Happy Birthday Cobol

Cobol is the opposite of a modern computer langauge, in some ways. But it is the language that a lot of business systems are written in, so chances are you “use” Cobol almost as much as you “use” Linux, even if you never heard of either.

COBOL is used to power almost all global ATM transactions and runs almost three quarters of the world’s business applications. It helps book hundreds of holidays every single day.

And, according to enterprise application management company, Micro Focus, more than 200 billion lines of COBOL code in existence, with hundreds more being created every single day. And a COBOL programming gig is considered to be one of the safest jobs in IT.

So there.

Comments

  1. #1 khan
    September 26, 2009

    I spent ~20 years doing COBOL maintenance programming.
    I was also one of the folks that saved your butt by averting the Y2K disaster that pould have been.

  2. #2 khan
    September 26, 2009

    ‘could’

  3. #3 Tony P
    September 27, 2009

    Yes, I know COBOL. I had to update a finance app at an accounting firm of all places.

  4. #4 mrcreosote
    September 27, 2009

    My first job was a COBOL programmer. One of the last things I did as a COBOL programmer was develop a suite of programs, written in COBOL, to generate COBOL programs.

  5. #5 Ritchie Annand
    September 27, 2009

    In light of the improvements that came from augmenting C to C++, I’m still waiting for the object-oriented extension ADD 1 TO COBOL.

  6. #6 Kapitano
    September 27, 2009

    I learned COBOL in 1989, then got told it would soon be superceeded by a spiffy new language called…Ada. By ’94 Ada was dead and us computer students we being told soon everything would be written in C++.

    I suppose C++ is the language of choice for most new software, but most software by definition is old.

    The last program I wrote was in BASIC – yesterday.

  7. #7 Alcari
    September 27, 2009

    Happy birthday COBOL, may I never have to meet you again ;)

  8. #8 Greg Laden
    September 27, 2009

    Kapitano: What version of basic? Not VB, I assume.

  9. #9 Jason Thibeault
    September 27, 2009

    I have never had the inestimable pleasure of programming in COBOL. I read a printout of some COBOL source once. That’s about it. Around the time the Comp Sci majors were learning it, as their follow-up language to Smalltalk, I was an English major who started messing around with Malbolge.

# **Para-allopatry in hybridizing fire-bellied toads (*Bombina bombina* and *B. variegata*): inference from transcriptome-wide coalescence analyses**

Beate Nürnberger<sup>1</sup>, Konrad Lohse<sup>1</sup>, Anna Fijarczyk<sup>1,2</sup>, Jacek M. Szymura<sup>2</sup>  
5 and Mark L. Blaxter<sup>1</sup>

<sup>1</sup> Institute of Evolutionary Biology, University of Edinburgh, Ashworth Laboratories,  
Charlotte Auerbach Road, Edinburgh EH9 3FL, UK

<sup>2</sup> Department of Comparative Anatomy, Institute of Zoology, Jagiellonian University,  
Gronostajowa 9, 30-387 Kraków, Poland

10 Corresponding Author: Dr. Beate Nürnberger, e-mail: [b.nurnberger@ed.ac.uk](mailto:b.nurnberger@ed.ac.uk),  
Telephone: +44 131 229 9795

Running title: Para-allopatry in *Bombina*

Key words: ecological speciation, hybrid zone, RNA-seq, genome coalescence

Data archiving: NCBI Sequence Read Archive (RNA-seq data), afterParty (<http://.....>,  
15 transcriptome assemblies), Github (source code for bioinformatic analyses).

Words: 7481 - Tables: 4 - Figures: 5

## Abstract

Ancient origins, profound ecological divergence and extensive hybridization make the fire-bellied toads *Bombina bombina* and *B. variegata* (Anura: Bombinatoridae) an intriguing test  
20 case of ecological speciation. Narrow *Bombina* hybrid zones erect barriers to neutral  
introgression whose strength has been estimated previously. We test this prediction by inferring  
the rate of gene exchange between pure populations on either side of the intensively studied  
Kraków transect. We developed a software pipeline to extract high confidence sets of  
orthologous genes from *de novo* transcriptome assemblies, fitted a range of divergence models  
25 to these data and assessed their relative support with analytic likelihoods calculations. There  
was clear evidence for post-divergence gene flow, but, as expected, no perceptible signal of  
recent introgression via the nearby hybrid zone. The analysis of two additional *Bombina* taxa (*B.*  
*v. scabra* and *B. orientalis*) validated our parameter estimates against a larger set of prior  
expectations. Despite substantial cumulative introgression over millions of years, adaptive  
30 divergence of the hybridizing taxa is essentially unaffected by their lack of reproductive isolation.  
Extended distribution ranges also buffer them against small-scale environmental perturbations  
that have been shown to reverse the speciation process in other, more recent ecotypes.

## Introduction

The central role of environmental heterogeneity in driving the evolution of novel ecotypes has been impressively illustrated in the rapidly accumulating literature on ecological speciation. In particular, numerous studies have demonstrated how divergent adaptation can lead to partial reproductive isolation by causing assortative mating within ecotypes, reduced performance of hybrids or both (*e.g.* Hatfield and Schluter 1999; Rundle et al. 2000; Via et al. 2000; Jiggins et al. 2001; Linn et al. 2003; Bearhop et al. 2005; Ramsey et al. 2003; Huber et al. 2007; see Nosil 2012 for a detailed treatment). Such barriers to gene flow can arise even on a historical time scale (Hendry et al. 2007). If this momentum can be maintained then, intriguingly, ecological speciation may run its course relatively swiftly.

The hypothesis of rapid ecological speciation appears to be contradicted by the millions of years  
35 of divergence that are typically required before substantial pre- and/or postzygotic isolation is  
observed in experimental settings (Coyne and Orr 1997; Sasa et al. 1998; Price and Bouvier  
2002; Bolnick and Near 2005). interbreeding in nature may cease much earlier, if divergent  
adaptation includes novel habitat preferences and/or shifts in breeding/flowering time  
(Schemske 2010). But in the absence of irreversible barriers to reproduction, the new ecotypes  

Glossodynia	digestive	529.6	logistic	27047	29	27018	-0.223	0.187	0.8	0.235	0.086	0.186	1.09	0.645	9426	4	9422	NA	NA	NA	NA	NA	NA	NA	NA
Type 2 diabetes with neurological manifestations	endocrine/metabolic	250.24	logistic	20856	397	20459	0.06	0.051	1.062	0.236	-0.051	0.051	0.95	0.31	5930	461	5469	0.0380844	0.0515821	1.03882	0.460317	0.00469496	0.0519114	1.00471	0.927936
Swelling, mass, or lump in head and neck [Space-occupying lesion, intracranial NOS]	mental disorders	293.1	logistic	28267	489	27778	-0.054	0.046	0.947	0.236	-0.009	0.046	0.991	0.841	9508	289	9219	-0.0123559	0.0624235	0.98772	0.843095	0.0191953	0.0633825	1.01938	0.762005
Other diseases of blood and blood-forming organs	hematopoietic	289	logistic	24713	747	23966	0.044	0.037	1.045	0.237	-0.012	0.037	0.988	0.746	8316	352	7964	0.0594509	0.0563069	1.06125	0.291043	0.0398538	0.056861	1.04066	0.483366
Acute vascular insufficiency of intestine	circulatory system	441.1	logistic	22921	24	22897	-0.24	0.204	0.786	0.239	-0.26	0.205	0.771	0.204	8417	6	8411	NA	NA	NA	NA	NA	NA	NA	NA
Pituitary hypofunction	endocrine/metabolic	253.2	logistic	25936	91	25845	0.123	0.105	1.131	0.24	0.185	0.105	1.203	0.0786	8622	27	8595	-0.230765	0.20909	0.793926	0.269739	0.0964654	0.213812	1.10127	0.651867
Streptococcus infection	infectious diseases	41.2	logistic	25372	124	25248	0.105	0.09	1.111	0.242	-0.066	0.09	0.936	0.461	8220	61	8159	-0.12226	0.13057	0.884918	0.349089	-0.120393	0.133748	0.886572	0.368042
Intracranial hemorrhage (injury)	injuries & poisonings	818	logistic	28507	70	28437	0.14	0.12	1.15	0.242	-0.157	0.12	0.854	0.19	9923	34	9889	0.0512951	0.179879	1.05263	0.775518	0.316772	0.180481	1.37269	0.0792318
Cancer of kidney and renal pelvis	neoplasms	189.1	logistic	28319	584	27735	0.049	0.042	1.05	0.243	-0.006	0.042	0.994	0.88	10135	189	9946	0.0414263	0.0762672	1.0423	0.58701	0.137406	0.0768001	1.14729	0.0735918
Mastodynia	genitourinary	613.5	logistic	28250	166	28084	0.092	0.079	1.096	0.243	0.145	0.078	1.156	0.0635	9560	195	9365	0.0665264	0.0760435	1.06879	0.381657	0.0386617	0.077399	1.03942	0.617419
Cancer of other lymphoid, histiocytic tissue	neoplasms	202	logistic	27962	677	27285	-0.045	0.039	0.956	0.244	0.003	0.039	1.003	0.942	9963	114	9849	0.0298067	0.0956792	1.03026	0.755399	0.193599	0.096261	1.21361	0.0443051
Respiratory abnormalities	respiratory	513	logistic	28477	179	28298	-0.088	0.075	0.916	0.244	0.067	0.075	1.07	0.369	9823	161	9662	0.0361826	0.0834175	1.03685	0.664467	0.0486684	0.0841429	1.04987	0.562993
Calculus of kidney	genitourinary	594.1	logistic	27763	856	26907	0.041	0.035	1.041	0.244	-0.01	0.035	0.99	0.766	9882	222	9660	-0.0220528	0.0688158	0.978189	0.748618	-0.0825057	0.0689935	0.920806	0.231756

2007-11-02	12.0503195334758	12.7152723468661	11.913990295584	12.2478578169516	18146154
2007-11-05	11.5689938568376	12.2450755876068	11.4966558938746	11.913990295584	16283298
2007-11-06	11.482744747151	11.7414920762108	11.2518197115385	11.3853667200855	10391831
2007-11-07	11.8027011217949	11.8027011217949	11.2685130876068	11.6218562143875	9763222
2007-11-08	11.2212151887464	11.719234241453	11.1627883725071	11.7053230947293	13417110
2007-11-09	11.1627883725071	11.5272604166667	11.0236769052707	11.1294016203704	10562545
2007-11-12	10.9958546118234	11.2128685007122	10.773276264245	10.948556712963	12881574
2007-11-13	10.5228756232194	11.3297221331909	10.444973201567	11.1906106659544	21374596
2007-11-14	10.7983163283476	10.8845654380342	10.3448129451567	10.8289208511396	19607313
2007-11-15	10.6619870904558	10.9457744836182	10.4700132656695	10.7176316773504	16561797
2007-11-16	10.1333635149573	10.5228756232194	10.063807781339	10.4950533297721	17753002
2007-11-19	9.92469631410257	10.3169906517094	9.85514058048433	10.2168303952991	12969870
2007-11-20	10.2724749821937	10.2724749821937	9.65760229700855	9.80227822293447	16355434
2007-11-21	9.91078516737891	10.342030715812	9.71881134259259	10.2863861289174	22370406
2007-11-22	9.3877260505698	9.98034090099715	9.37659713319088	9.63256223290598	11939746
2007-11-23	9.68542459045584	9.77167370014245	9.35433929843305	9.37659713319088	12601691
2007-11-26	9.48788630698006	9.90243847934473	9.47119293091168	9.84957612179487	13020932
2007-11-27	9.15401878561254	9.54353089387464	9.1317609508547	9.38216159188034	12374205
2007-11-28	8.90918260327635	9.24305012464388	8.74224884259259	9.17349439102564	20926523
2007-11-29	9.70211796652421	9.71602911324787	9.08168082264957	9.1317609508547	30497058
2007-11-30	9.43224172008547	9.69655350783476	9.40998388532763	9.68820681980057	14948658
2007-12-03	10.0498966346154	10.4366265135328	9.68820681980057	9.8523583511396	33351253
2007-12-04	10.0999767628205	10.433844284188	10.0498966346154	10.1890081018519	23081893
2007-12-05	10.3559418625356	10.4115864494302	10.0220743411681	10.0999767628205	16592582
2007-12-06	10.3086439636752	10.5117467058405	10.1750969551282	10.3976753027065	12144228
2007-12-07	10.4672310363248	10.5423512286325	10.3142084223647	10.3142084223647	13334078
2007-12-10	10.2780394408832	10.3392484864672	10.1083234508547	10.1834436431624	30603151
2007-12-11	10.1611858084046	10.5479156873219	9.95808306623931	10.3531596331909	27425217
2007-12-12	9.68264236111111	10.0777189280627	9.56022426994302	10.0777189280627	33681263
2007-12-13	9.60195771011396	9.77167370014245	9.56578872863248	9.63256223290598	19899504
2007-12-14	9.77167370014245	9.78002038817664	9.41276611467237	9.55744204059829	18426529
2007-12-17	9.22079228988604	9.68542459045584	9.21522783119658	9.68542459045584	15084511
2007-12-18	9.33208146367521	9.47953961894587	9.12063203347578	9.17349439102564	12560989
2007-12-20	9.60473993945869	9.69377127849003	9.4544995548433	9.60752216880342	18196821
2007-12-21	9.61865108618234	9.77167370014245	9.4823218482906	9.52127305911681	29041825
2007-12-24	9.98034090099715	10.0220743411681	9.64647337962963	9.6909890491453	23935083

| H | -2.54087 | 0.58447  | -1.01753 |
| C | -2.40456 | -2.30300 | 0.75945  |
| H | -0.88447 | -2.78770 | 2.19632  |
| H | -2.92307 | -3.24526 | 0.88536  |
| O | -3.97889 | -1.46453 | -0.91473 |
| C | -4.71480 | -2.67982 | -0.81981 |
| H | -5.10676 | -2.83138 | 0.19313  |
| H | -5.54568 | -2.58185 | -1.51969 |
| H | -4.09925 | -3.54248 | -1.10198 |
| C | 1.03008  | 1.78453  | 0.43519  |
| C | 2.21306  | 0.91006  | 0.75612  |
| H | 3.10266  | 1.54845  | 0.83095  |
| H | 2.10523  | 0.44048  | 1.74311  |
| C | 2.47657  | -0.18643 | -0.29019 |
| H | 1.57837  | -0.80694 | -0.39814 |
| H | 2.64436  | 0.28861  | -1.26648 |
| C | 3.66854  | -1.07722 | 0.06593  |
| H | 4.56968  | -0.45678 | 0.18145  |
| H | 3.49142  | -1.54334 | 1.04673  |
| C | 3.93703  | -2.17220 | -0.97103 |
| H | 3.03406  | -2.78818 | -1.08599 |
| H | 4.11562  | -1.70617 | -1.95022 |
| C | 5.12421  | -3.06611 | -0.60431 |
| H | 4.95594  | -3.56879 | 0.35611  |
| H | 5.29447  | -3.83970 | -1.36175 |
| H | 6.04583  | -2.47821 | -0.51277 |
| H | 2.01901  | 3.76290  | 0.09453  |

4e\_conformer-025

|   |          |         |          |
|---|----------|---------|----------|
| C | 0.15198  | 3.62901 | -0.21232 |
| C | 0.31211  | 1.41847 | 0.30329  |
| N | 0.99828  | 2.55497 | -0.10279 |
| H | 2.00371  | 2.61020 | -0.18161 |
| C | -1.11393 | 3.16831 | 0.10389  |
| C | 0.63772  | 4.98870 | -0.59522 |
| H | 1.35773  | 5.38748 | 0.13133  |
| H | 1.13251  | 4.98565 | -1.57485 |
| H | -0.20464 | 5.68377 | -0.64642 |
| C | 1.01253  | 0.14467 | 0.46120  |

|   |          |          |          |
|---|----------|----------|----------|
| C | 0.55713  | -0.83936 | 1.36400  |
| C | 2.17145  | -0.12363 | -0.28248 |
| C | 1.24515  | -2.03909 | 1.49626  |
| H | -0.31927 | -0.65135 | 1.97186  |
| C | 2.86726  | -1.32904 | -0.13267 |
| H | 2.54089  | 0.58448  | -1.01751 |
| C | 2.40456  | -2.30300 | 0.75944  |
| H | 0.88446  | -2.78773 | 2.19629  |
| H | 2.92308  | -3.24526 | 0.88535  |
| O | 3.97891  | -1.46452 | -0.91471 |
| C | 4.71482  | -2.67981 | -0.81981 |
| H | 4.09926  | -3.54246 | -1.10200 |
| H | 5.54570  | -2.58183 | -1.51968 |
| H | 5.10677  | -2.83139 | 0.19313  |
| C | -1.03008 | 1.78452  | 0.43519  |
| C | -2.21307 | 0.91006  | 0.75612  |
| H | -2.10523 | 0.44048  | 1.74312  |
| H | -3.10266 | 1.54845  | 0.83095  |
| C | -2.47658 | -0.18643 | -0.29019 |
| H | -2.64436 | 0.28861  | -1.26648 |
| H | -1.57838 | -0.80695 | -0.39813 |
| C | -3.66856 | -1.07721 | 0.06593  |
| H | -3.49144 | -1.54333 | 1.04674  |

10. #10 David
    September 27, 2009

    back in grad school, I landed a part time job writing the odd program that the county’s IT people didn’t have the time for. When I interviewed for the job, they asked me if I knew the 4 divisions. I answered “long, short, fractions, and decimals” – got the gig anyways.

  11. #11 Bruce
    September 27, 2009

    Lisp and Fortran are almost as old.

  12. #12 reboho
    September 27, 2009

    Chances are you “use” CICS and VSAM as well. I still code COBOL for CICS and use VSAM, DB2 and the like. I actually went to a lecture by Capt. Grace Hopper at University Missouri-Rolla in the late 70′s. I remember her holding up a 11 inch wire and saying it was a nanosecond.

  13. #13 Brian X
    September 27, 2009

    Around where I went to school, learning Cobol was something of a badge of shame — the one classmate who openly admitted to it was teased about it occasionally. I assume he cleaned up on Y2K though.

    I’ll tell ya something, though — if Y2K taught us anything, it was that there’ll always be room for people with legacy skills. Even now, I’m sure someone out there needs someone with CP/M expertise, and you never know if someone will be crazy enough to bring back Multics.

  14. #14 Brian X
    September 27, 2009

    Oh, and I’m not sure I’d call it “using” Cobol as such. When you talk about using Linux, it’s as an operational framework for other things you do. The closest you can come to saying that someone using a program written in Cobol is “using” Cobol is that the program will generally be linked against a standard runtime package; it might be a bit more accurate to say that about, say, Perl, but even then the process will usually be transparent to the end-user unless the end-user is the one writing the program. But otherwise it’s sort of like saying that someone who lives in a house is using a hammer that helped build it.